Russia's Rio exclusion creates 'level playing field'
International Paralympic Committee (IPC) president Philip Craven said yesterday was "not a day for celebration" despite the Court of Arbitration for Sport (CAS) upholding Russia's exclusion from the Rio Paralympic Games.
The Russian Paralympic Committee (RPC) challenged its suspension, which was imposed by the IPC on August 7 in the wake of a damning report into the country's state-run doping programme.
However, CAS found that the decision was justified, meaning Russia will not be represented in the upcoming Games in Rio.
Craven, who had described a "medals over morals mentality that disgusts me" and "the complete corruption of the anti-doping system" when he initially announced that the entire Russian team would be banned from the Paralympics, admitted that he had sympathy for any clean Russian athletes who would be excluded from the Games, which runs from September 7-18.
"We are greatly encouraged that the CAS panel has upheld the IPC governing board's unanimous decision to hold the Russian Paralympic Committee accountable for its membership responsibilities and obligations," Craven said.
"The decision underlines our strong belief that doping has absolutely no place in Paralympic sport, and further improves our ability to ensure fair competition and a level playing field for all Para athletes around the world.
"Although we are pleased with the decision, it is not a day for celebration and we have enormous sympathy for the Russian athletes who will now miss out on the Rio Paralympic Games."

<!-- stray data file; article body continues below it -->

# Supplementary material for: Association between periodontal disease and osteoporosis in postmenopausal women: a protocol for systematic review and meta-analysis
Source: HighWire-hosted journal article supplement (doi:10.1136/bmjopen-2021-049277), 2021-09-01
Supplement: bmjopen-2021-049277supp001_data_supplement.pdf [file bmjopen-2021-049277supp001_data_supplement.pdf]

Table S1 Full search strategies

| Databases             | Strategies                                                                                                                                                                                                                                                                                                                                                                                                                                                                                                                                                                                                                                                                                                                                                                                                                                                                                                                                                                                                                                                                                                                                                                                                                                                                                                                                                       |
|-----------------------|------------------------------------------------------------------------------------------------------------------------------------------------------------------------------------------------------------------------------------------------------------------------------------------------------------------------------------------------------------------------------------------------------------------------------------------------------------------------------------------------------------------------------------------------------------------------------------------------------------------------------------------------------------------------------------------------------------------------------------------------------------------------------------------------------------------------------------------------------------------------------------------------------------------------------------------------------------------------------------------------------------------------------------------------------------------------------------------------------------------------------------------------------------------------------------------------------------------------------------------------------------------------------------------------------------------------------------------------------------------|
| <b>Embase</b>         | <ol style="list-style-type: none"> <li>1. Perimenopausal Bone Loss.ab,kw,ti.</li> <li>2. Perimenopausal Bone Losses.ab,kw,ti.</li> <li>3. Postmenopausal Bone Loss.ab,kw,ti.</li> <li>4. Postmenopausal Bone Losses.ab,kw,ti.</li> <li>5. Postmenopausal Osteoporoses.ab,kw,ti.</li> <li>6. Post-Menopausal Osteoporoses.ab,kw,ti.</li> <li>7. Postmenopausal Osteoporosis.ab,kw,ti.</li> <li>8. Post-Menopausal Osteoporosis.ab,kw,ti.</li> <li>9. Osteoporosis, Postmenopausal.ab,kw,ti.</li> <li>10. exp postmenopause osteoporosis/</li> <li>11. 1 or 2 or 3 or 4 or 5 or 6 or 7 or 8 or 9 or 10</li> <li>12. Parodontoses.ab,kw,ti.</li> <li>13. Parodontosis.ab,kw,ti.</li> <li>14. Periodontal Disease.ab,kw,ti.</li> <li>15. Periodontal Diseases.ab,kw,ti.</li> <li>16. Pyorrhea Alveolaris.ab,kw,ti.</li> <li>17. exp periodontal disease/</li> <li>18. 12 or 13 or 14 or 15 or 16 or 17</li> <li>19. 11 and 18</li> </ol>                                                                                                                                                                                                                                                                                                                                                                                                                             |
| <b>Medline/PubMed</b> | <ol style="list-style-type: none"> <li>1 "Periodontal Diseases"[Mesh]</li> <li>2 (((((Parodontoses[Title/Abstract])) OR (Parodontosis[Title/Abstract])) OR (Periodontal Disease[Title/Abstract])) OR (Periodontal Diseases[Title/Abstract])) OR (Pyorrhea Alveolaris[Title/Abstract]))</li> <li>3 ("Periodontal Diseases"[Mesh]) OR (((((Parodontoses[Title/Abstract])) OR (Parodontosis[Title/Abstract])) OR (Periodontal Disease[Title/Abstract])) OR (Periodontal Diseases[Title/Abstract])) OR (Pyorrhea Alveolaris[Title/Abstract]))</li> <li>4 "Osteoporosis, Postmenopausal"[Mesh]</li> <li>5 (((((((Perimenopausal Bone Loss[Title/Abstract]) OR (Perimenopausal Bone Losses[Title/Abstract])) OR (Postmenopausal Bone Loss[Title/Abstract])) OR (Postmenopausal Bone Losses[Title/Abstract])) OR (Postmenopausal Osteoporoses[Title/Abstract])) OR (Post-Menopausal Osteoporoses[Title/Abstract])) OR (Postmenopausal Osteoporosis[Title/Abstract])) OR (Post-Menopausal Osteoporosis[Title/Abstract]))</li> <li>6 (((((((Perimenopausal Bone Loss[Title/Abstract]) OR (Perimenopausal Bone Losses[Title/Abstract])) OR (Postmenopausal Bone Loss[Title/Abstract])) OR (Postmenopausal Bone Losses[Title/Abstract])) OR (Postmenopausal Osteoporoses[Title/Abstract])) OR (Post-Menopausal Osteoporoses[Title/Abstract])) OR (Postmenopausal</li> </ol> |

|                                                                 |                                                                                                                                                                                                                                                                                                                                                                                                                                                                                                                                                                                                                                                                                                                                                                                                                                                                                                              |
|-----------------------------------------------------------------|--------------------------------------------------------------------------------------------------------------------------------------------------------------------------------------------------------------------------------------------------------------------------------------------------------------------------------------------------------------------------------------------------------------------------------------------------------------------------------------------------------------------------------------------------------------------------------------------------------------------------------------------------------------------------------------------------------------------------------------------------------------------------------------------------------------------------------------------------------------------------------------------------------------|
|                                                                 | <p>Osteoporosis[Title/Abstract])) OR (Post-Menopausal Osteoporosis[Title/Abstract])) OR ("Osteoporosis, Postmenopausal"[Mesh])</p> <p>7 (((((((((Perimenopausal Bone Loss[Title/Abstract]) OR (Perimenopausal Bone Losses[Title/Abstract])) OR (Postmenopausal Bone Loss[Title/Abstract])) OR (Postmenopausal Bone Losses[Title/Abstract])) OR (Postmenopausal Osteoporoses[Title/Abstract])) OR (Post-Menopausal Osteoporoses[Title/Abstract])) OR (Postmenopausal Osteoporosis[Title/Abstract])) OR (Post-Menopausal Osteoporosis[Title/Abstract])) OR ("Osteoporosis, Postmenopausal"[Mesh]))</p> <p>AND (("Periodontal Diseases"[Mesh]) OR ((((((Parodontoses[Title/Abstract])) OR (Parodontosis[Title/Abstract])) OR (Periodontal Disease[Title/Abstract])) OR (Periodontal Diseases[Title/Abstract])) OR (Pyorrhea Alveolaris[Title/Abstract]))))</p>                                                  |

The CAS ruling found that the RPC had failed to provide any evidence which challenged the facts of the initial decision.
Craven's International Olympic Committee (IOC) counterpart Thomas Bach decided against such a tough stance, describing it as "the nuclear option", and Russia were able to send 278 athletes to Brazil for the Olympics after individual federations were left to rule on eligibility.
The Paralympics' later start date also gave the IPC more time than the IOC to digest Richard McLaren's landmark report for the World Anti-Doping Agency.
McLaren was able to reveal even more cases from Paralympic sport than he listed in his preliminary report, and once the IPC had examined the Canadian's evidence, it was able to see that positive drug tests by 11 Russian athletes were covered up by the Moscow anti-doping laboratory at the behest of the Russian ministry of sport between 2012-15.
A further 18 samples were tampered with at the 2014 Winter Paralympics in Sochi, where Russia won almost half of the gold medals on offer.
Craven said McLaren had made it clear that more cases are likely to be unearthed, prompting the IPC to reanalyse every sample from a Russian athlete at the Sochi Games.